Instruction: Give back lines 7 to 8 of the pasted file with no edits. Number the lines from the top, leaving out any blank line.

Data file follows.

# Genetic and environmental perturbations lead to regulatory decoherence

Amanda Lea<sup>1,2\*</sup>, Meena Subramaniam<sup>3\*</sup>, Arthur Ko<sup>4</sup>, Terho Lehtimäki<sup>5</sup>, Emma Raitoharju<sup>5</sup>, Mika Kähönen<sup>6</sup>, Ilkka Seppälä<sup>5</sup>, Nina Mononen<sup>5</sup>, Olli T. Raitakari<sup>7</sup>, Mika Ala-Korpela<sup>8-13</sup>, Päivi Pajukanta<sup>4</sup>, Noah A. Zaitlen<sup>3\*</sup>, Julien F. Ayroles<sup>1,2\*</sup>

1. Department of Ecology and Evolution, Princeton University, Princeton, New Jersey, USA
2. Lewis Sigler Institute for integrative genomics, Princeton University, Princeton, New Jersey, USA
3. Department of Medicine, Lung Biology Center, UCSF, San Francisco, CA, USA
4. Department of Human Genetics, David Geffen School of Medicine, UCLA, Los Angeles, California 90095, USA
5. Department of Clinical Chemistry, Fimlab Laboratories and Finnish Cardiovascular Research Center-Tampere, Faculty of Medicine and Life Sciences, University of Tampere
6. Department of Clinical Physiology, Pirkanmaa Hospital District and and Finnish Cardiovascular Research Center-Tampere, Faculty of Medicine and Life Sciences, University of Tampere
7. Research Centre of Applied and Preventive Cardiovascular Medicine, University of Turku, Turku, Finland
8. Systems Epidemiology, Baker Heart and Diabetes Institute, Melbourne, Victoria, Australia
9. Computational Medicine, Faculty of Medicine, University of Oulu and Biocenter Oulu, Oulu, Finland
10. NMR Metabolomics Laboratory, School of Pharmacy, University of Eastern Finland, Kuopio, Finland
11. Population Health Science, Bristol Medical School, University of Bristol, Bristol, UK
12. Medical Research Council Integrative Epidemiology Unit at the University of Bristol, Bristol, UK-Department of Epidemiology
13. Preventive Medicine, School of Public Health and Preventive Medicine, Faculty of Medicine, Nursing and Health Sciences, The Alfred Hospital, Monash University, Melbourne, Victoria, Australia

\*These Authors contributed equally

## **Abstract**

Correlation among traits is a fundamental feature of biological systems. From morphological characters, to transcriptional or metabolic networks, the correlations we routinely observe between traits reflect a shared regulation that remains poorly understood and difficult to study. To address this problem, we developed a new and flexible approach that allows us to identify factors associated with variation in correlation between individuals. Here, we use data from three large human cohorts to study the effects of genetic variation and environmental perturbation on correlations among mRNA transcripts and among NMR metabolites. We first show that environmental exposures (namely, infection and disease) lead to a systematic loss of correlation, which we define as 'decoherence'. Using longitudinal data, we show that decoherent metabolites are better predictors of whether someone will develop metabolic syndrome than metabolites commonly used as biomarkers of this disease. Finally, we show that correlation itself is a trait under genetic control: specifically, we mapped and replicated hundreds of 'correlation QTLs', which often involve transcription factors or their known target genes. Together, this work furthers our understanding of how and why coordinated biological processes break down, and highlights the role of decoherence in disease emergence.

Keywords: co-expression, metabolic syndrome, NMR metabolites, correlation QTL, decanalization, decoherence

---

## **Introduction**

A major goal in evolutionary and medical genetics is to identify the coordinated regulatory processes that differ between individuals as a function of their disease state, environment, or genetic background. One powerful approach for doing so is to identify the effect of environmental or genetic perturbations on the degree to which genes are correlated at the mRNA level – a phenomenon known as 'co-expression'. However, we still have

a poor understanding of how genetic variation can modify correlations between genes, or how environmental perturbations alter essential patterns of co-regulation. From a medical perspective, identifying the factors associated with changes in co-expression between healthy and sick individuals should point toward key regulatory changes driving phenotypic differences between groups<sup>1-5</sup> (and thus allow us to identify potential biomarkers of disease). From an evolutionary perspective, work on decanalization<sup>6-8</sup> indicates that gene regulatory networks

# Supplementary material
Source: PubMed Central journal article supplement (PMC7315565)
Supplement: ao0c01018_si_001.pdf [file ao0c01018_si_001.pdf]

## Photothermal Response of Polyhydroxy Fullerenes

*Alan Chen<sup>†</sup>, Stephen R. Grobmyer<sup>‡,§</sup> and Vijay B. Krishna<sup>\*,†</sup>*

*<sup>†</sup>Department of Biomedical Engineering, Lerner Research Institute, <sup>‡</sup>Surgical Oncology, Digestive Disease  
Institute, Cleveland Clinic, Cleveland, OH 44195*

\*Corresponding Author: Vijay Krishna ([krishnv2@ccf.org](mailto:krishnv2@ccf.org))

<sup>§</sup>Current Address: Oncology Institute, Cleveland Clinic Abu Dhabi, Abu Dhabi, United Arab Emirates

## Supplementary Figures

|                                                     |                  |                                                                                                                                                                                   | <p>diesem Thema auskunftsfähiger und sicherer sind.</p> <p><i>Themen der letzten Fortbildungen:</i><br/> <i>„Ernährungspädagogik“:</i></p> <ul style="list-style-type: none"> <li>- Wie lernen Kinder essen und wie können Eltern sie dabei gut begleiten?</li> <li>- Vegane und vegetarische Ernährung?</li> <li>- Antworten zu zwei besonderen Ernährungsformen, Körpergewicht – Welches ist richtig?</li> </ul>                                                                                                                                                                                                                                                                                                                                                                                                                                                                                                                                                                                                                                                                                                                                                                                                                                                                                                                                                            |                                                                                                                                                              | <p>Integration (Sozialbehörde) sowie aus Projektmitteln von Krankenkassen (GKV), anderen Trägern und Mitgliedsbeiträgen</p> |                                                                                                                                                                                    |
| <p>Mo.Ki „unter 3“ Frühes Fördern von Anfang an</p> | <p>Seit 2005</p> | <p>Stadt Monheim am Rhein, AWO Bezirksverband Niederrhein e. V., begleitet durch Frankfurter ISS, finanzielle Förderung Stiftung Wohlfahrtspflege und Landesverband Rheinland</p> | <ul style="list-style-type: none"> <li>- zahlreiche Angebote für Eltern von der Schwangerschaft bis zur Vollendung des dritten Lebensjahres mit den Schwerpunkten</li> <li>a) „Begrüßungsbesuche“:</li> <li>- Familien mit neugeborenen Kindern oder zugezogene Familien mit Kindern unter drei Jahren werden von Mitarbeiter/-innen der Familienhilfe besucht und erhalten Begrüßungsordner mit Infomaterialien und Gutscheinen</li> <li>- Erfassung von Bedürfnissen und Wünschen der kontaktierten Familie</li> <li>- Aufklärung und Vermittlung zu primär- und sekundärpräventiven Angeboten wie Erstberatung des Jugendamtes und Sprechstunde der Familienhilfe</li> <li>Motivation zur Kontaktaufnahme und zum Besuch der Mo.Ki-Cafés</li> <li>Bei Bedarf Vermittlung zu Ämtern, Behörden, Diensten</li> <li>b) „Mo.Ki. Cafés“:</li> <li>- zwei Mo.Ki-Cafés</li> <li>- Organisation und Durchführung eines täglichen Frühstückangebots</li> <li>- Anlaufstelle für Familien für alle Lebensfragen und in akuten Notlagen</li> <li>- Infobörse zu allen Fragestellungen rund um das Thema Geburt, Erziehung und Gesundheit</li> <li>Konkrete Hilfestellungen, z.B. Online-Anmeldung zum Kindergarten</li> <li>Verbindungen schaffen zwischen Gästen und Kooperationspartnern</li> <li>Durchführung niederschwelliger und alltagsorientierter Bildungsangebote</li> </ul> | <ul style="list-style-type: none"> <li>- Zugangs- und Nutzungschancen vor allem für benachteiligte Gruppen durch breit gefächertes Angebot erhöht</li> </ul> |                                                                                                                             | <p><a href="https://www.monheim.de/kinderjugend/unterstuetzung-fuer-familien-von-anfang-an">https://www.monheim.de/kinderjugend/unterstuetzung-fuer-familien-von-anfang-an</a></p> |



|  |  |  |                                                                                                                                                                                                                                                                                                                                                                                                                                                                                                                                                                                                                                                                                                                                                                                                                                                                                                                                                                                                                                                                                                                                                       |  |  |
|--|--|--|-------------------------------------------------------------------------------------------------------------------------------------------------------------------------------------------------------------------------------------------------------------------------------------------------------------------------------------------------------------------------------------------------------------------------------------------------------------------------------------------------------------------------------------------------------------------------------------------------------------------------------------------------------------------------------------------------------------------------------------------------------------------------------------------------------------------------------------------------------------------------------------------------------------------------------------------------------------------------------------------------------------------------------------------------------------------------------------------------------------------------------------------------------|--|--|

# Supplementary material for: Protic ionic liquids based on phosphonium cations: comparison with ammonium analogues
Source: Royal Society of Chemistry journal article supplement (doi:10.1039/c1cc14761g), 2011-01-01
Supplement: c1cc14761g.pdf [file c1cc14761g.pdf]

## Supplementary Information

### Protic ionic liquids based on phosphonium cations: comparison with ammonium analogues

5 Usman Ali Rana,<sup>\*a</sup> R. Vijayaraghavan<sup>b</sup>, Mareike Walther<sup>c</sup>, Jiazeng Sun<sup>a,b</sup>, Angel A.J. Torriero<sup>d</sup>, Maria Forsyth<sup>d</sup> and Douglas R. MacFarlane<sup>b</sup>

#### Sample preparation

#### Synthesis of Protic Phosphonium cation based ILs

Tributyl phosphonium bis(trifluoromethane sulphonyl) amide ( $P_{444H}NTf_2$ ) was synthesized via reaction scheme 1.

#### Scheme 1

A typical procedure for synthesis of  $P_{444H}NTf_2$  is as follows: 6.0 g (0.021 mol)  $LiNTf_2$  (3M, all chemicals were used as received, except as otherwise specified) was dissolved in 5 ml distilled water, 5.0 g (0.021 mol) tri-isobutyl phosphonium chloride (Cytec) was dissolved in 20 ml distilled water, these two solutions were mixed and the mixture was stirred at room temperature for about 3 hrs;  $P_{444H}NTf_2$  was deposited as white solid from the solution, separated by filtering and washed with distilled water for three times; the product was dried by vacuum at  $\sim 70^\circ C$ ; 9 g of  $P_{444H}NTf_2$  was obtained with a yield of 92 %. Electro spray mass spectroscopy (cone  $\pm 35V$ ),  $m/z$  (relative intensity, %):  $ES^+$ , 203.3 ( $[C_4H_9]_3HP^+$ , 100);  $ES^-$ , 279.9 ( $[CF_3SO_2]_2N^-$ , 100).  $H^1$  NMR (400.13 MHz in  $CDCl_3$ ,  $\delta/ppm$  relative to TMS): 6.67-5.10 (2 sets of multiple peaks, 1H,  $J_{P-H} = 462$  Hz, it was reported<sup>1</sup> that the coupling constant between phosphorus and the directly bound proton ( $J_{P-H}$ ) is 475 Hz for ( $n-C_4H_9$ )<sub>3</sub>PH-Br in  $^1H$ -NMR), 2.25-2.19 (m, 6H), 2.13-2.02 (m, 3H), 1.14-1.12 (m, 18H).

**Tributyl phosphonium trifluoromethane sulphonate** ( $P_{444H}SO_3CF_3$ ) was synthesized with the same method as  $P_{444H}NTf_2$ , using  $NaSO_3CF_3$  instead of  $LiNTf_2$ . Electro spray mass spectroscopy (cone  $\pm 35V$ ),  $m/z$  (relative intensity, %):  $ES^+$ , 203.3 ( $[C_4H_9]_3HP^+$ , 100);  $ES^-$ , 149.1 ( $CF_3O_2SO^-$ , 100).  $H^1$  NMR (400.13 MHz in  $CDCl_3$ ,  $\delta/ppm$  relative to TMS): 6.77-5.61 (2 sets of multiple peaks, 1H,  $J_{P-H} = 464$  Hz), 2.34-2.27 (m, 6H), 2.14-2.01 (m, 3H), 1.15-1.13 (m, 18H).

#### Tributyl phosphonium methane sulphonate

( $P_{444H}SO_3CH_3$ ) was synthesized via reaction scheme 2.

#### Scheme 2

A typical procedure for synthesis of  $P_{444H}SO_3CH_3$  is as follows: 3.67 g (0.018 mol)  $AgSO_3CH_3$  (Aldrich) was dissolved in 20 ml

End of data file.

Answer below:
5. Department of Clinical Chemistry, Fimlab Laboratories and Finnish Cardiovascular Research Center-Tampere, Faculty of Medicine and Life Sciences, University of Tampere
6. Department of Clinical Physiology, Pirkanmaa Hospital District and and Finnish Cardiovascular Research Center-Tampere, Faculty of Medicine and Life Sciences, University of Tampere